President Barack Obama and Mitt Romney are running neck-and-neck in three key battleground states, according to a trio of new NBC/Marist polls released Thursday.
The polls examine the state of the 2012 campaign in Iowa, Nevada and Colorado. In Iowa, Obama and Romney each poll at 44 percent among registered voters including those who are undecided but leaning toward one of the two candidates. The president holds a slim lead in both Colorado and Nevada, edging Romney by one and two percentage points respectively. Obama carried all three states over Sen. John McCain (R-AZ) in the 2008 presidential contest.
The polls make it difficult to determine which candidate has the upper-hand politically on the crucial issue of the national economy. There are signs of economic optimism, with majorities in each state saying the worst of the recession is behind us. Moreover, majorities in all three states say Obama inherited current economic conditions.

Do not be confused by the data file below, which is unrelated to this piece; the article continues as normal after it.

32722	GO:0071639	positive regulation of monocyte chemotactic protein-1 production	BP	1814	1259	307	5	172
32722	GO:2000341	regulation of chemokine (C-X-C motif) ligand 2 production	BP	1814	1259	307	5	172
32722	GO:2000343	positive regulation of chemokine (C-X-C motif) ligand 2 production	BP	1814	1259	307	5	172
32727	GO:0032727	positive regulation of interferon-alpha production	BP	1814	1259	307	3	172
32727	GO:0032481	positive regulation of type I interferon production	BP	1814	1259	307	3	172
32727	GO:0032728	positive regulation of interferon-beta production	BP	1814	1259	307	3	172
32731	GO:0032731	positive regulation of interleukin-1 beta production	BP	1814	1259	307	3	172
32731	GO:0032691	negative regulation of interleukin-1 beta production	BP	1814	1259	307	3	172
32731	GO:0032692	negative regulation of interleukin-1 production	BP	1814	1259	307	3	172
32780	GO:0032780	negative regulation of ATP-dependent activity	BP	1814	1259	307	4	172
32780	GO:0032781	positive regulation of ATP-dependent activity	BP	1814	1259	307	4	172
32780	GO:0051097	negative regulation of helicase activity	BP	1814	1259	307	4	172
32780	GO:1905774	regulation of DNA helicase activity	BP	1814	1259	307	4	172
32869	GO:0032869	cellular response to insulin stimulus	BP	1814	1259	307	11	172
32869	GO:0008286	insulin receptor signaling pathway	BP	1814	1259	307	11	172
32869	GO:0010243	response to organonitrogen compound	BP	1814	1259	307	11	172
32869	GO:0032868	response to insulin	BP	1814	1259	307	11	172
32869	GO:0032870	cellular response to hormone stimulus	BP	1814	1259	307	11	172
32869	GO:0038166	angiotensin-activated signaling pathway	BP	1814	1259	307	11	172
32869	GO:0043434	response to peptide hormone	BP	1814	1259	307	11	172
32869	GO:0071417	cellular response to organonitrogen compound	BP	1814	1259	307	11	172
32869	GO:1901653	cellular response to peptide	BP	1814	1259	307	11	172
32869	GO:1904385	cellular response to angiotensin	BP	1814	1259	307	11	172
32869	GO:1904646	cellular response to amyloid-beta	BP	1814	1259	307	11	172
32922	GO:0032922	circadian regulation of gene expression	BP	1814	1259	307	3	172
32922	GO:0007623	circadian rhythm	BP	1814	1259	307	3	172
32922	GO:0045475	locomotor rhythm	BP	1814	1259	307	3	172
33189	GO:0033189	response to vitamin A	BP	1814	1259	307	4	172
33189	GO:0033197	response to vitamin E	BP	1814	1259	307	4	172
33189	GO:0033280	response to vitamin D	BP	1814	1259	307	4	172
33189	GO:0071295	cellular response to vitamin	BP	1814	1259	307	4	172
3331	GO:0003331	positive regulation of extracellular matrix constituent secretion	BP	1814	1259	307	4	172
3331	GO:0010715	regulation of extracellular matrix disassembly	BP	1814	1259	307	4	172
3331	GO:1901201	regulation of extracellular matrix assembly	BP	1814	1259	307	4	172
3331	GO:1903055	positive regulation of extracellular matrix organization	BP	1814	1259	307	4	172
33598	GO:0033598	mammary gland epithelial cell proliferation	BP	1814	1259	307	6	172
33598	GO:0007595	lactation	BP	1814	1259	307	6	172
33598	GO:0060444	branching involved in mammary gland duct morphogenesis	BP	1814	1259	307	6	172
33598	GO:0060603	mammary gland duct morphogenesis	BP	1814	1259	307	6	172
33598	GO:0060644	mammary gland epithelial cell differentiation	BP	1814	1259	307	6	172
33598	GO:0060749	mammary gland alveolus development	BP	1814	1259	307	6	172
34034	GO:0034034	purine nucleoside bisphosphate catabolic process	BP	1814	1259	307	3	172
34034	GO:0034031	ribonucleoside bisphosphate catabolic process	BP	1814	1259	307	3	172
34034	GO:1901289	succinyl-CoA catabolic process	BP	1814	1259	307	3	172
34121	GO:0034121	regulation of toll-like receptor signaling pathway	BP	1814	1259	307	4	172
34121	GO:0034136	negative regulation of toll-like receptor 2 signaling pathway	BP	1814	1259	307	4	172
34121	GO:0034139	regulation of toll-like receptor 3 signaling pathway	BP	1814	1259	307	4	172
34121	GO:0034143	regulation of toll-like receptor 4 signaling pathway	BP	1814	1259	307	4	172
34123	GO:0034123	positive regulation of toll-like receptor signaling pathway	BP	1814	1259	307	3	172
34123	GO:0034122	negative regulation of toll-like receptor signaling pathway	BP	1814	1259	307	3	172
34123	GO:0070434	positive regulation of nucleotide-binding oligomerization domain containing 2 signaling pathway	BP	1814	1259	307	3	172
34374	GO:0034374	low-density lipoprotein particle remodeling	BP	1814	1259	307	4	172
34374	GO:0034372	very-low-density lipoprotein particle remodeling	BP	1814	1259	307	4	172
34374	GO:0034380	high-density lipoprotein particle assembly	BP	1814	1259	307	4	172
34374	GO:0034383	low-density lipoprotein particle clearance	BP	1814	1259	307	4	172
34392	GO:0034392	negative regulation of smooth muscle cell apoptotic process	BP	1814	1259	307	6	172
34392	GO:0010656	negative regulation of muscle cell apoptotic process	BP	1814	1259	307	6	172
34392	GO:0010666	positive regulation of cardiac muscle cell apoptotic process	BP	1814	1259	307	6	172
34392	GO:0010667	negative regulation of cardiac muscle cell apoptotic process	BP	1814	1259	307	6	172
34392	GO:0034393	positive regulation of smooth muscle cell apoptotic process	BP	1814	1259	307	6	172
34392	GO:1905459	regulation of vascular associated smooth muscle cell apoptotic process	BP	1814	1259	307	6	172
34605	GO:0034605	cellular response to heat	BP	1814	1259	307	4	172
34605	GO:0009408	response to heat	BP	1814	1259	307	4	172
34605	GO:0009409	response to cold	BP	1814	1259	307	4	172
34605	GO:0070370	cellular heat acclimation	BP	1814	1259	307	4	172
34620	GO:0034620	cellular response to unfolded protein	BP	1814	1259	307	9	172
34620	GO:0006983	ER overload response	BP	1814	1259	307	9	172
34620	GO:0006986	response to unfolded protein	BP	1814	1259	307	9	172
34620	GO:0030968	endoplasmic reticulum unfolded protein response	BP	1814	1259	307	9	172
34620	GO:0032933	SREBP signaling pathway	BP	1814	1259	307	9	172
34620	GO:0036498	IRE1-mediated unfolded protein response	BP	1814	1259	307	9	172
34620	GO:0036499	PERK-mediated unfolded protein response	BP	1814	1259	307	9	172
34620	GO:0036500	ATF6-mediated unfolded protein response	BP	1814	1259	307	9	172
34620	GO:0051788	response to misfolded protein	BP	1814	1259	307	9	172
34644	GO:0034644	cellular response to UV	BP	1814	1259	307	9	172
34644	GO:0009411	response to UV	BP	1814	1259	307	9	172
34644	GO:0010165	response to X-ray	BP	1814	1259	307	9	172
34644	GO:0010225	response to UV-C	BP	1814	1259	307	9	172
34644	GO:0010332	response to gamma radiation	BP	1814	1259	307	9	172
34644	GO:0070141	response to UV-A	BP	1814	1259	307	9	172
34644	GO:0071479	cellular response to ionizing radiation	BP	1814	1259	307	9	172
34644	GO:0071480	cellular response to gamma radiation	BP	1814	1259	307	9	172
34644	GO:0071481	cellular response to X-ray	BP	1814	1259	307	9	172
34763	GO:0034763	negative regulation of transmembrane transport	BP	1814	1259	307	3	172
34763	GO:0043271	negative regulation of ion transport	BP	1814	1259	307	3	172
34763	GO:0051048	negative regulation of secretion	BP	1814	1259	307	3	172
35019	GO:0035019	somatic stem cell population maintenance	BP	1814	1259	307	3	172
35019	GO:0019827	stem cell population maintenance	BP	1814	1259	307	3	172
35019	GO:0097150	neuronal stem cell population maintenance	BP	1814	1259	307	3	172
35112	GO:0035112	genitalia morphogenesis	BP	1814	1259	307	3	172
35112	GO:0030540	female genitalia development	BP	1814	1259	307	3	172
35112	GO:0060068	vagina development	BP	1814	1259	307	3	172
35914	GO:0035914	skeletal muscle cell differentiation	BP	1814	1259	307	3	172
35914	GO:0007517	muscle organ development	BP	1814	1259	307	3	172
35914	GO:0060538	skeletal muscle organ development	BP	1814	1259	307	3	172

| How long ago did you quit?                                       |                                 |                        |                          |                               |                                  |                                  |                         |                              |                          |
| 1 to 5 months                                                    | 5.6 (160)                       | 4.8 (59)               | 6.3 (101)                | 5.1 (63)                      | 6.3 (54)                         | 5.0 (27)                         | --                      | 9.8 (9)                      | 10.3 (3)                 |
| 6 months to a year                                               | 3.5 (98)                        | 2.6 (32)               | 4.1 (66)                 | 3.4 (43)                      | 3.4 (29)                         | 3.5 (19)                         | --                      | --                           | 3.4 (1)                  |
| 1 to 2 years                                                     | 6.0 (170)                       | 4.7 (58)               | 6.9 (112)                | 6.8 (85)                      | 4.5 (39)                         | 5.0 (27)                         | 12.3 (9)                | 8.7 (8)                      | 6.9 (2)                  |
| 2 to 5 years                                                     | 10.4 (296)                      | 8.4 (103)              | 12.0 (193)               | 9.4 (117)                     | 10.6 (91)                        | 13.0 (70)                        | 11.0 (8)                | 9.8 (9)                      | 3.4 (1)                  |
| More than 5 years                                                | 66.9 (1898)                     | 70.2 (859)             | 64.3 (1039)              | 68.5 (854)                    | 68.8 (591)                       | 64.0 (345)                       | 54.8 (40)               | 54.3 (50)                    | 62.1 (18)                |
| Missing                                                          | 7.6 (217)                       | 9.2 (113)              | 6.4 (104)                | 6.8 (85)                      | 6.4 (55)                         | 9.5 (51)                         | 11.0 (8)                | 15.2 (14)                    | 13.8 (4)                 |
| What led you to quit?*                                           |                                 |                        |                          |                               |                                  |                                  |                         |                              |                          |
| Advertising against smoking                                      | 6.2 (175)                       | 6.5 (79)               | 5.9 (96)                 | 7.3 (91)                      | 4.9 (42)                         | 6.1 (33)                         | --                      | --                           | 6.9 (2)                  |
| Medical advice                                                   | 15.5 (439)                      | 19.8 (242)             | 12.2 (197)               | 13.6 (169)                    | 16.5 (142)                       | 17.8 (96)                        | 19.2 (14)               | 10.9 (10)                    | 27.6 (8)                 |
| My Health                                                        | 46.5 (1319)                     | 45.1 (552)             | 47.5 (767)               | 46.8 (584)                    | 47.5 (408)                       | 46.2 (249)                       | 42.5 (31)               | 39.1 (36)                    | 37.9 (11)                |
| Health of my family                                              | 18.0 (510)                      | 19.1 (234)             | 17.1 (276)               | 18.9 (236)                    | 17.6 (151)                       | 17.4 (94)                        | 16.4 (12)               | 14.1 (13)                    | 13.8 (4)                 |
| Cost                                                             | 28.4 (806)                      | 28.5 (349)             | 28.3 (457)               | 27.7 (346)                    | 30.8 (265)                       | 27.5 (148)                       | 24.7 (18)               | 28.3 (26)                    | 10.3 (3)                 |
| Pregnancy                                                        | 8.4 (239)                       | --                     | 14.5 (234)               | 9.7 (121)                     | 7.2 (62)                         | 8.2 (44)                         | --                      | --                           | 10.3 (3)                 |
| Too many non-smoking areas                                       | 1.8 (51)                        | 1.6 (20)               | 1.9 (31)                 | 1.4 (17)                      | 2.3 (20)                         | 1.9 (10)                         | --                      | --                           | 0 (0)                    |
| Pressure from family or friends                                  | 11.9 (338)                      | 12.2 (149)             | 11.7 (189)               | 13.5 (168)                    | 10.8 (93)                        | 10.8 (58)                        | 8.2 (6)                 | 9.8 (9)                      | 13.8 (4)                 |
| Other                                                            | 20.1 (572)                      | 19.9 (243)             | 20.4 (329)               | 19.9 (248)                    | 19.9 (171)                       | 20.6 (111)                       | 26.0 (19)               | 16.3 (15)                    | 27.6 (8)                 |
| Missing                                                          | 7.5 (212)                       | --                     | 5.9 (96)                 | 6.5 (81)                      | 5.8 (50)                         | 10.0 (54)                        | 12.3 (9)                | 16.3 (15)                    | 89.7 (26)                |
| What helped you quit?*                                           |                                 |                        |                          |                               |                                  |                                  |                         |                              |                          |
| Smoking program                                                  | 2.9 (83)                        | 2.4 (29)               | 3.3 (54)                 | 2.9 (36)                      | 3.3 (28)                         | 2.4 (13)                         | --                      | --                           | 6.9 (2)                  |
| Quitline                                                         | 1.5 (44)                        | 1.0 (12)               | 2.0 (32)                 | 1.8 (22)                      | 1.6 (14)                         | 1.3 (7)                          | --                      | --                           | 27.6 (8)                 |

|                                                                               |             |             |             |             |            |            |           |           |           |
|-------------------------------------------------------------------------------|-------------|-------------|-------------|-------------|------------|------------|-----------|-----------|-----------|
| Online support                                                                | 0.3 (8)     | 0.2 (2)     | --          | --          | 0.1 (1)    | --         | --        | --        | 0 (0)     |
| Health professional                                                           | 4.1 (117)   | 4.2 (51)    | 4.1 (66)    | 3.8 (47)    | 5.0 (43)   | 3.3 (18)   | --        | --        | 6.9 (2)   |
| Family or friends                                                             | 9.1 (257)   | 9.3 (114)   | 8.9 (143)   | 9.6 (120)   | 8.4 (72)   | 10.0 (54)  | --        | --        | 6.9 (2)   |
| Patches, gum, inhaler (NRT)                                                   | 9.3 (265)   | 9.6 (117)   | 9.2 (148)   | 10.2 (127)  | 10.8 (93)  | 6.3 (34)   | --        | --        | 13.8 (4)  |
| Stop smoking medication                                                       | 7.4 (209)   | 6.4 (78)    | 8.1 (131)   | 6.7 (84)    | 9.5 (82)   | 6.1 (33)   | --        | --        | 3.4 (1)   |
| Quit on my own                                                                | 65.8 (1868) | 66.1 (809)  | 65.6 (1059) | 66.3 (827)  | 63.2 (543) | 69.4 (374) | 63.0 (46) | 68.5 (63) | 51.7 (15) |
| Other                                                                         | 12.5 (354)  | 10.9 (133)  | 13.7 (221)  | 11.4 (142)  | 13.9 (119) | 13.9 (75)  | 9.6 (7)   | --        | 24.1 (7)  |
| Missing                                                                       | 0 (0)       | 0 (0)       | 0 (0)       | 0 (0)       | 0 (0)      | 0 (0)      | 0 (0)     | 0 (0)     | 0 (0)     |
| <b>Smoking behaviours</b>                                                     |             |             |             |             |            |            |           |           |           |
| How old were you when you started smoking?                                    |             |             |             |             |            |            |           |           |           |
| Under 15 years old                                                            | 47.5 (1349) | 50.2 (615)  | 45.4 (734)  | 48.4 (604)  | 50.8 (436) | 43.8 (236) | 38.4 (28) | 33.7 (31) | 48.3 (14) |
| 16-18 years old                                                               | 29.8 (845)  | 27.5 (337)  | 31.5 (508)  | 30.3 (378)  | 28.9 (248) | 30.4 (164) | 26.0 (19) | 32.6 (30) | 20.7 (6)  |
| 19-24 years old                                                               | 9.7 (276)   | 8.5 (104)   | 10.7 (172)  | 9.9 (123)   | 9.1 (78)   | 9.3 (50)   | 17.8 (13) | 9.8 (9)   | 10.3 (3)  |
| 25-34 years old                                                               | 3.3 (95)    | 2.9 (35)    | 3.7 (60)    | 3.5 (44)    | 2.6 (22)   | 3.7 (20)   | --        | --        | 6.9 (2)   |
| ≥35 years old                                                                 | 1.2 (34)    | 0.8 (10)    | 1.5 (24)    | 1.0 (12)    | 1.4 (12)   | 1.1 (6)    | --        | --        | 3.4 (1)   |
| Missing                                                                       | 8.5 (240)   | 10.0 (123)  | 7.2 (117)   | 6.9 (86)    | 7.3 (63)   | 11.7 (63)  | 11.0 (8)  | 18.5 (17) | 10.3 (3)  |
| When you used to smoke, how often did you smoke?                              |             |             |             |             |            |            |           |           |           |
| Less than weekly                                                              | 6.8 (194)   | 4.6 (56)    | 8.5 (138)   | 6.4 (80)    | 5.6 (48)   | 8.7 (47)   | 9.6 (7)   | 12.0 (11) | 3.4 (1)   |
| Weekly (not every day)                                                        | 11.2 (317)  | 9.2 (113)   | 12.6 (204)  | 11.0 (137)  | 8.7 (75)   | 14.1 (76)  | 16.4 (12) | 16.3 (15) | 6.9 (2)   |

But over 50 percent of voters in each of the three states believe the country is on the wrong track. When respondents were asked which candidate would do a better job on the economy, Romney enjoys a slight advantage over Obama in Colorado and Iowa, while voters were split between the two candidates in Nevada.
The three polls not only reflect recent national head-to-head polls — nearly all of which have shown an extremely tight race between Obama and Romney — but also a round of NBC/Marist polls released last week. Those surveys likewise showed tight races between Obama and Romney in Florida, Virginia and Ohio.
The TPM Poll Average currently shows the president with marginal leads over Romney in Iowa, Colorado and Nevada (shown below).